Diodorus Siculus, Library, Book XI, Chapter 76 (search)
bed the Siceli of their land, led an army against them. And since the Syracusans had likewise sent an army against Catana, they and the Siceli joined in portioning out the land in allotments among themselves and made war upon the settlers who had been sent by Hieron when he was ruler of Syracuse.Cp. chap. 49.1. The Catanians opposed them with arms, but were defeated in a number of engagements and were expelled from Catana, and they took possession of what is now Aetna, which was formerly called Inessa; and the original inhabitants of Catana, after a long period, got back their native city. After these events the peoples who had been expelled from their own cities while Hieron was king, now that they had assistance in the struggle, returned to their fatherlands and expelled from their cities the men who had wrongfully seized for themselves the habitations of others; among these were inhabitants of Gela, Acragas, and Himera.
Diodorus Siculus, Library, Book XI, Chapter 91 (search)
451 B.C.When Antidotus was archon in Athens, the Romans elected as consuls Lucius Postumius and Marcus Horatius. During this year Ducetius, who held the leadership of the Siceli, seized the city of Aetna, having treacherously slain its leader, and then he moved with an army into the territory of the Acragantini and laid siege to Motyum, which was held by a garrison of Acragantini; and when the Acragantini and the Syracusans came to the aid of the city, he joined battle with them, was successful, and drove them both out of their camps. But since at the time winter was setting in, they separated and returned to their homes; and the Syracusans found their general Bolcon, who was responsible for the defeat and was thought to have had secret dealings with Ducetius, guilty of treason and put him to death. With the beginning of summer they appointed a new general, to whom they assigned a strong army with orders to subdue Ducetius. This general,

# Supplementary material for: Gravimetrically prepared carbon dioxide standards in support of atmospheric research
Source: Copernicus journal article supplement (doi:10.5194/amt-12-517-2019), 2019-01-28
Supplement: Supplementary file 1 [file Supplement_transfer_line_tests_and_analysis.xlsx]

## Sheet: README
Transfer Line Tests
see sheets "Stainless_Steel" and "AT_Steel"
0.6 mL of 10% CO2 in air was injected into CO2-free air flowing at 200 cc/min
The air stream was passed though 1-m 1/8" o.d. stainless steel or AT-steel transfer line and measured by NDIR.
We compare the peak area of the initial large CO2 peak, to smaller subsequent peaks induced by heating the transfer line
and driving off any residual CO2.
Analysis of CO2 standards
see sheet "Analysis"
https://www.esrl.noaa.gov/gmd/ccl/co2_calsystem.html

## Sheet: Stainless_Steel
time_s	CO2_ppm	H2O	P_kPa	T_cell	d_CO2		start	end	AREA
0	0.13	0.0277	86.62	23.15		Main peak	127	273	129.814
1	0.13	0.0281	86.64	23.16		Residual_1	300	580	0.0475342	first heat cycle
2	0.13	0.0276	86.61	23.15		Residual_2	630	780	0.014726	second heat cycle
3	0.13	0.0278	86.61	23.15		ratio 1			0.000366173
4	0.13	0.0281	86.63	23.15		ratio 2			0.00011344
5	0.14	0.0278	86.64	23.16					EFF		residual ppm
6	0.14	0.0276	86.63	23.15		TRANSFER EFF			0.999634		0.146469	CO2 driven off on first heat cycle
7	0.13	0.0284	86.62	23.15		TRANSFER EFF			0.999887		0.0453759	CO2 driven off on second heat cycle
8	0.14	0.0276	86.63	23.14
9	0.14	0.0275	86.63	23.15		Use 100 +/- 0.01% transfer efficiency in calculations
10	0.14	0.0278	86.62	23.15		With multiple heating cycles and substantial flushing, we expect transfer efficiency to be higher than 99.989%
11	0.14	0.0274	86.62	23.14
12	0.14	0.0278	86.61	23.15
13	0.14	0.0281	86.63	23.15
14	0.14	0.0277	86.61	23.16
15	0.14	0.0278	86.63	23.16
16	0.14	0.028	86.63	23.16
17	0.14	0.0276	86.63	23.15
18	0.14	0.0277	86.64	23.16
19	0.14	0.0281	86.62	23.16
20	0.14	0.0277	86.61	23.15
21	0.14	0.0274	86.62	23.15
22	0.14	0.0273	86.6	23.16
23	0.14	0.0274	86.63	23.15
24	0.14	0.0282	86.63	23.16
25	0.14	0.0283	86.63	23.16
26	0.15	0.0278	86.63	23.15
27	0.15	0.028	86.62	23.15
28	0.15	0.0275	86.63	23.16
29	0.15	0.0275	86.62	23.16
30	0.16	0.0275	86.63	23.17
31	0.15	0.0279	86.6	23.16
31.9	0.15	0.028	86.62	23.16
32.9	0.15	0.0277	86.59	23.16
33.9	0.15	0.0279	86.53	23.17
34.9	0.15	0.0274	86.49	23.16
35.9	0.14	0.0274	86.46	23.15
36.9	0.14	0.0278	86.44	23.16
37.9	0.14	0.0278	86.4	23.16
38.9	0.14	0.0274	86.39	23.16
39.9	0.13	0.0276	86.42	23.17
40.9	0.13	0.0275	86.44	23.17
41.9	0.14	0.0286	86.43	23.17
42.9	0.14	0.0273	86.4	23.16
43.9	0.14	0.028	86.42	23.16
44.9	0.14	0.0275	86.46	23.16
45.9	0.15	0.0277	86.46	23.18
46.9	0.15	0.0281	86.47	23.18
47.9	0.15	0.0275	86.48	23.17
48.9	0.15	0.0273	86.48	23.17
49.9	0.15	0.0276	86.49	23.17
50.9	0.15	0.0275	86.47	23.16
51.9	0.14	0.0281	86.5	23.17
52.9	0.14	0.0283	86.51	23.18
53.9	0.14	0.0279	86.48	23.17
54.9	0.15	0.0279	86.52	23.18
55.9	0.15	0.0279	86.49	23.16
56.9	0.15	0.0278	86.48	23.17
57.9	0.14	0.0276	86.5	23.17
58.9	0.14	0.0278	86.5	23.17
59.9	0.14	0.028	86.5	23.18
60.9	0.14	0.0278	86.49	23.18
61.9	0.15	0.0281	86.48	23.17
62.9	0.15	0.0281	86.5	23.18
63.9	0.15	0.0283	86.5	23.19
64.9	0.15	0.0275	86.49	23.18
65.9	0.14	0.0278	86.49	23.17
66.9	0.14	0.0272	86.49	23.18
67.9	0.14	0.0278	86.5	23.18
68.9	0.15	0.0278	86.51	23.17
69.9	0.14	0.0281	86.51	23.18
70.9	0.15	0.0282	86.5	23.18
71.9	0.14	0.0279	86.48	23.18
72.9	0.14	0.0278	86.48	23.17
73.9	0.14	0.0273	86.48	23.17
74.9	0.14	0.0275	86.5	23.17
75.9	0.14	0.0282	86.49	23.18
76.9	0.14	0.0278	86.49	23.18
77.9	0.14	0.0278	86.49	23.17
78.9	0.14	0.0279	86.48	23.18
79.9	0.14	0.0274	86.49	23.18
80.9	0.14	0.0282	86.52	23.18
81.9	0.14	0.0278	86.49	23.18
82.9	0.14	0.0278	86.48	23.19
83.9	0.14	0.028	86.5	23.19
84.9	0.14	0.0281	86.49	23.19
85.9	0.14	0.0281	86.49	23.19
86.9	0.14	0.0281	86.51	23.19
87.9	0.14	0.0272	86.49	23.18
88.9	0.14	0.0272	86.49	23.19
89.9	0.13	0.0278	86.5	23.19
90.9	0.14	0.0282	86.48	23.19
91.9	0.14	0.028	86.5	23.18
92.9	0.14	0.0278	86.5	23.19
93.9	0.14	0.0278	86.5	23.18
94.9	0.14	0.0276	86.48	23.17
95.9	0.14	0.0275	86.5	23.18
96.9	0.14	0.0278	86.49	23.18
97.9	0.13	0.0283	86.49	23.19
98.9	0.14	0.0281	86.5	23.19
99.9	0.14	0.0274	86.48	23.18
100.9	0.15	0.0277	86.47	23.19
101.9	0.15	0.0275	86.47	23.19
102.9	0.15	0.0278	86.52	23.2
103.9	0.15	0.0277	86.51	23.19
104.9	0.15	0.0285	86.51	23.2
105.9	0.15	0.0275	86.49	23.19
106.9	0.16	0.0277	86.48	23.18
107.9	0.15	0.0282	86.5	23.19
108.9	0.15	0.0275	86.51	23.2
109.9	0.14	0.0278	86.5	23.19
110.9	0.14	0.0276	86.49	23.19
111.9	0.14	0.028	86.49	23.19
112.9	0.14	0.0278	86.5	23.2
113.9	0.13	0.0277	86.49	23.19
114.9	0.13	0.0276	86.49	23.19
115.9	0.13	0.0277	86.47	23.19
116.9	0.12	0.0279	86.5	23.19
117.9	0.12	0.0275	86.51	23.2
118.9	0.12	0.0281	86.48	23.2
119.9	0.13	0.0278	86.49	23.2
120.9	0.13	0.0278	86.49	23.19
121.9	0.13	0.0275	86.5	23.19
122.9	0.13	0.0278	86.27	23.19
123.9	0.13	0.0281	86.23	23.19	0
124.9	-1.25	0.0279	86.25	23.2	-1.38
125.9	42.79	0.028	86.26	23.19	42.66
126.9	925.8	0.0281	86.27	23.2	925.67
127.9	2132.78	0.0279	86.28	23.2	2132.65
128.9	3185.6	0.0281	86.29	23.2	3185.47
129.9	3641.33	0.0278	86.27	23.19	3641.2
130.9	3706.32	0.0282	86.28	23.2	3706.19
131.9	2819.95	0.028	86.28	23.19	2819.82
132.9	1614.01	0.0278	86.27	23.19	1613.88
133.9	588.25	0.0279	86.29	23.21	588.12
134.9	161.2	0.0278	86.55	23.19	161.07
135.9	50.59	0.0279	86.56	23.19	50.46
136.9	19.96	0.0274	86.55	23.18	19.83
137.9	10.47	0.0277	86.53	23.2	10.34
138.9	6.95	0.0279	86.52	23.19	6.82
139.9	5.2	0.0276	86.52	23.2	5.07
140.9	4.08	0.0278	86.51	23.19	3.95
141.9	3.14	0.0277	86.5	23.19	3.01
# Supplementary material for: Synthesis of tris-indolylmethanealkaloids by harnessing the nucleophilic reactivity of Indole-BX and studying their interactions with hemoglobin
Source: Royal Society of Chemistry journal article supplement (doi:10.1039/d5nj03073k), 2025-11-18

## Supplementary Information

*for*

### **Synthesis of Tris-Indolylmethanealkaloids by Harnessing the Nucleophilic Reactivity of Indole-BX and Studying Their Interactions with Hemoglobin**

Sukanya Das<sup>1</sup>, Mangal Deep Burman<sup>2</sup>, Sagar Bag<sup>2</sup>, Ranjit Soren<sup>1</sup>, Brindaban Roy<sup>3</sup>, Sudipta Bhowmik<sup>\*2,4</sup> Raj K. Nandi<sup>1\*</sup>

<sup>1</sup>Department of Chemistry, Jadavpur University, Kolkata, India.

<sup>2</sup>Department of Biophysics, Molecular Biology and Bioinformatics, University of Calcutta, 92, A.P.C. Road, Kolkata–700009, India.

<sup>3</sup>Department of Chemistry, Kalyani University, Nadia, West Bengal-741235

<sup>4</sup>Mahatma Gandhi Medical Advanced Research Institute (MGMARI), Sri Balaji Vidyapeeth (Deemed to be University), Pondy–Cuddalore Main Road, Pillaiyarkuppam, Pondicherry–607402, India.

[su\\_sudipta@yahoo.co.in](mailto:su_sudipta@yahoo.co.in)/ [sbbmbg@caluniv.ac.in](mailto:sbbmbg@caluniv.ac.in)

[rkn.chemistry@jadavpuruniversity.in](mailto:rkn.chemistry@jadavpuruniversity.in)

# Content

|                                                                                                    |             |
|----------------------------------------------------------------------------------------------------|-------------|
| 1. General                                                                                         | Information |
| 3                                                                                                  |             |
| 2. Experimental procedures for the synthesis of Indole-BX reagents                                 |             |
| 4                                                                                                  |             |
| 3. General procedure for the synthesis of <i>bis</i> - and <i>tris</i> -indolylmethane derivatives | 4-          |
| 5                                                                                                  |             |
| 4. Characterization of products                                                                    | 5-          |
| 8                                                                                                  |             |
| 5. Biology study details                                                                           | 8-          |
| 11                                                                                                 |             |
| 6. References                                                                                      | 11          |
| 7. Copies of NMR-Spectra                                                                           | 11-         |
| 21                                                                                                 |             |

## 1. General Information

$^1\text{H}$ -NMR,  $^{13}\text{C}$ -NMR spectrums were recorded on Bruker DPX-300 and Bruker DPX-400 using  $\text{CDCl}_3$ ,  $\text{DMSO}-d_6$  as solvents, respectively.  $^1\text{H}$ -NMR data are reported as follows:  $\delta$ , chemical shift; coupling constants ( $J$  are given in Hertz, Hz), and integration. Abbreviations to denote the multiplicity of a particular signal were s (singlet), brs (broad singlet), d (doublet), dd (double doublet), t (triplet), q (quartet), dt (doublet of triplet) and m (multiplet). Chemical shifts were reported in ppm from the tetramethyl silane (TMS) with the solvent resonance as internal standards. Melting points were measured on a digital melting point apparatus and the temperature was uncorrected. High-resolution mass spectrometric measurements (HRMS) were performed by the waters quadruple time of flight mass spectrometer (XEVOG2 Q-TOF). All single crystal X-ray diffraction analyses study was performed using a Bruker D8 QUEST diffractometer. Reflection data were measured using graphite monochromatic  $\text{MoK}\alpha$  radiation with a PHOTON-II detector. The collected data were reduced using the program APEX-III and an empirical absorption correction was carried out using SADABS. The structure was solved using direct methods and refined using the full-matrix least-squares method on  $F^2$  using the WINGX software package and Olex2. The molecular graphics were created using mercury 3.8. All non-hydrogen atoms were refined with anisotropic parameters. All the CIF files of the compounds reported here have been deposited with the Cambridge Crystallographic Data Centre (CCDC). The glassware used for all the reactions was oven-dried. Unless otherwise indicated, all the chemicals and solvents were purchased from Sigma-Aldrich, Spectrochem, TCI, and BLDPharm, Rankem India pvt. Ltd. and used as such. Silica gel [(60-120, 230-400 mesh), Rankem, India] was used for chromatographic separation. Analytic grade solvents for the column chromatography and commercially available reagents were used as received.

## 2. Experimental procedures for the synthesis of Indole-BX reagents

Euripides, Cyclops (ed. David Kovacs), line 1 (search)
r ship with vines and ivy is a theme of vase-painting and of the seventh Homeric Hymn. against you to have you sold as a slave to a far country, I learned of it and took ship with my sons to find you. Taking my stand right at the stern, I myself steered the double-oared ship, and my sons, sitting at the oars, made the grey sea whiten with their rowing as they searched for you, lord. And as we were rounding Cape Malea, an east wind blew down on the ship and cast us to land near this crag of Aetna, where Neptune's one-eyed sons, the man-slaying Cyclopes, dwell in their remote caves. One of these caught us and keeps us as slaves in his house: the master we serve is called Polyphemus. And instead of our bacchic revels we now herd the flocks of this godless Cyclops. And so my sons, being young, are shepherding the young sheep on the distant slopes, while my orders are to remain behind, fill the watering-troughs, and sweep this house, assisting this godless Cyclops at his unholy meals.